Real estate agents point out the Chinese are all millionaires and billionaires, so they buy at the high end of the market, nowhere near the dumps first home buyers squeeze into. Others say the Chinese don’t lease out their investment properties, tightening the rental squeeze while making occupancy data misleading. In short, it’s a complete shemozzle.
The politicians are fixing the problem by holding an inquiry. Victorian MP Kelly O’Dwyer is in charge. By the sounds of it, she’s made her mind up already: ‘We need more homes, so foreign investment that increases the number of homes available is a good thing, particularly where it is housing for first-home buyers.‘ This seems like an especially bad misinterpretation of the fallacy that demand drives supply.
First of all, if the Chinese are buying the homes, then the first home buyers are not buying them. Secondly, it’s the government’s policy on releasing land that is restricting supply. Surging prices are like the blow off valve for the pressure created by these two forces. But higher prices make life even more difficult for the first home buyers.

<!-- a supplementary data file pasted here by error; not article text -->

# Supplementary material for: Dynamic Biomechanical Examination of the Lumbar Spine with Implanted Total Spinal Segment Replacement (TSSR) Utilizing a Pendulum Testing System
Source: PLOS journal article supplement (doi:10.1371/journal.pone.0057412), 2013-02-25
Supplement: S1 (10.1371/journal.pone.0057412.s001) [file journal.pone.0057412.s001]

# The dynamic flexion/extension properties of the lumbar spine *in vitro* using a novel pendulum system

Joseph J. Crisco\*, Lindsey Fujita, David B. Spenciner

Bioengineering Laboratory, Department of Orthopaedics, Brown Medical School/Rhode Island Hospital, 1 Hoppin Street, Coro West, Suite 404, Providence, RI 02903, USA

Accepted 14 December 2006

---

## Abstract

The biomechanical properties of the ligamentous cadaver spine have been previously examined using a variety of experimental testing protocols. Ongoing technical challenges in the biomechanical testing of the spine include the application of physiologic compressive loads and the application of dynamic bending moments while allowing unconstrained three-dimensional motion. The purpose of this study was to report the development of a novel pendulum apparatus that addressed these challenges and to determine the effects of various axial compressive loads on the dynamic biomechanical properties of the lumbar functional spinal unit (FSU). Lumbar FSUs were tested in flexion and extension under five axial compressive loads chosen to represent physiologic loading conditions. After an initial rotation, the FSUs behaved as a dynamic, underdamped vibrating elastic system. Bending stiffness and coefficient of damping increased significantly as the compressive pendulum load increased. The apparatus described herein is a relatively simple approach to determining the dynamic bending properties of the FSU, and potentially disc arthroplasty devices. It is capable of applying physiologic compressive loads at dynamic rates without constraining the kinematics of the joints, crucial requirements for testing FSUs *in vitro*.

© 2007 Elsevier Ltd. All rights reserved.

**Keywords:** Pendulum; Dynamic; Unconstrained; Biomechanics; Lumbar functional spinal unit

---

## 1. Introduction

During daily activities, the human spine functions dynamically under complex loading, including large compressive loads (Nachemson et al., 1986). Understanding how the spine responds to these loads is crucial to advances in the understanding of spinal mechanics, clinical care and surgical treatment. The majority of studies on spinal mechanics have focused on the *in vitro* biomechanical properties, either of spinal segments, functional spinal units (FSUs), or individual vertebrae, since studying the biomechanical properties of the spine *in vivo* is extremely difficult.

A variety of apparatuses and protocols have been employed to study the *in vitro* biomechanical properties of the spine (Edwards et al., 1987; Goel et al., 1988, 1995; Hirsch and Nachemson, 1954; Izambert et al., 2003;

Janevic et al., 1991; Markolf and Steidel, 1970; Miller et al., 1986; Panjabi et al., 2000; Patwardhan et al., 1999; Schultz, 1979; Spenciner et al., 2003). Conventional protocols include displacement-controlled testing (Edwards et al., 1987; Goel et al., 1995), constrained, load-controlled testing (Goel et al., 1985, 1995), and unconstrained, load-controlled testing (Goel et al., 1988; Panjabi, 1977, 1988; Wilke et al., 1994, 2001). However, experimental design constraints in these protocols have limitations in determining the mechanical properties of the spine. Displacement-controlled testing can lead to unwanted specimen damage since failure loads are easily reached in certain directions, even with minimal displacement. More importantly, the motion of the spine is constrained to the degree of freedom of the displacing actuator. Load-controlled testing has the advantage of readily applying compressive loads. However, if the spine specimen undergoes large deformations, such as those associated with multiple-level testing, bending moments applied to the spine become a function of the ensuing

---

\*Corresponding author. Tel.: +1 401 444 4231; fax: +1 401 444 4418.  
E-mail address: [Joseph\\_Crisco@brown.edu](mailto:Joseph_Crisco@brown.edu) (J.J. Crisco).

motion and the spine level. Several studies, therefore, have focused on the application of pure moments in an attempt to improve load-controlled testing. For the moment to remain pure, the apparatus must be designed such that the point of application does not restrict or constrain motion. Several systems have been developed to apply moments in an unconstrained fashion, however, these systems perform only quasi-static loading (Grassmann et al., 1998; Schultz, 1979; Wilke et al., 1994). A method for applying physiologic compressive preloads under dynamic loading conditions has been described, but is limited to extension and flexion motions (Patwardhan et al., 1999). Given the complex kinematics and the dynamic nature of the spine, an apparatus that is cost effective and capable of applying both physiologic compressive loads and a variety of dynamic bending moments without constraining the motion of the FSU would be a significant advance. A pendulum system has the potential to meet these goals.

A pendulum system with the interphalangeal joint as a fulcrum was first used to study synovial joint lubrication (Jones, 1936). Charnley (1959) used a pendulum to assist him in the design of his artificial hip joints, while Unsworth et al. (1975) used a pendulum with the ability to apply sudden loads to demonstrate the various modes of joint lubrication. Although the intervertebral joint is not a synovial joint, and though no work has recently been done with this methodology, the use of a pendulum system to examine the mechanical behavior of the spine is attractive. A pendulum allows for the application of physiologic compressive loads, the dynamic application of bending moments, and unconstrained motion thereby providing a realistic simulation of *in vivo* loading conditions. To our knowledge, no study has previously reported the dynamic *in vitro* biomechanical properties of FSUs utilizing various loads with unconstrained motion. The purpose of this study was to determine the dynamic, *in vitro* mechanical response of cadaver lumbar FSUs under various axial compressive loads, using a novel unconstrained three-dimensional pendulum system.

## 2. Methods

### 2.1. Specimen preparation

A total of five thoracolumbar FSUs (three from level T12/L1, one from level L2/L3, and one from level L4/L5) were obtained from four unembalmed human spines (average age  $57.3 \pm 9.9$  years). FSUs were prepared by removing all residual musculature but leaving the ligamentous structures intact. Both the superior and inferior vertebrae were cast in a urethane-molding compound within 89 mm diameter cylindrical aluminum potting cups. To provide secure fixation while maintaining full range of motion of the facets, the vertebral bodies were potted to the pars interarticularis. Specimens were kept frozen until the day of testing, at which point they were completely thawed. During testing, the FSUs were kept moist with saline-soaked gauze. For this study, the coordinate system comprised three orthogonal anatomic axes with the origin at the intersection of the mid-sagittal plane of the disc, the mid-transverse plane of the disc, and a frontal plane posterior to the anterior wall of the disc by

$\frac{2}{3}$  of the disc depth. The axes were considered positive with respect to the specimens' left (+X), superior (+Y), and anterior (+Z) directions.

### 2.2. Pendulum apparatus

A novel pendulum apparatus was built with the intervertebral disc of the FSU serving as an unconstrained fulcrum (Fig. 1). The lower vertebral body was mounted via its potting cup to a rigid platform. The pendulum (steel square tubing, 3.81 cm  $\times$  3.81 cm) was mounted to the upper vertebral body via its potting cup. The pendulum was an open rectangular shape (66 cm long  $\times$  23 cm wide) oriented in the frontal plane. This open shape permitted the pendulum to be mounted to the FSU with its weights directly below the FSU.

The good news is that the current data on foreign investment into property is quite poor and the inquiry should fix it up. The bad news is that data tends to empower the government to do whatever it wants regardless of what figures come up.
Sir John James Cowperthwaite, who makes many appearances in Markets and Money, was a British civil servant and the Financial Secretary of Hong Kong from 1961 to 1971. He knew the local busybodies couldn’t help themselves from taking a large slice of the pie if they could get their hands on the numbers, so he prevented Hong Kong officials from collecting data for this very reason. Hong Kong is still cited as an example of free markets generating vast prosperity.
But the place also suffered under the Chinese yoke of property buyers for years. They bid up prices there too. Next thing we’ll find out the Chinese ended up running the place.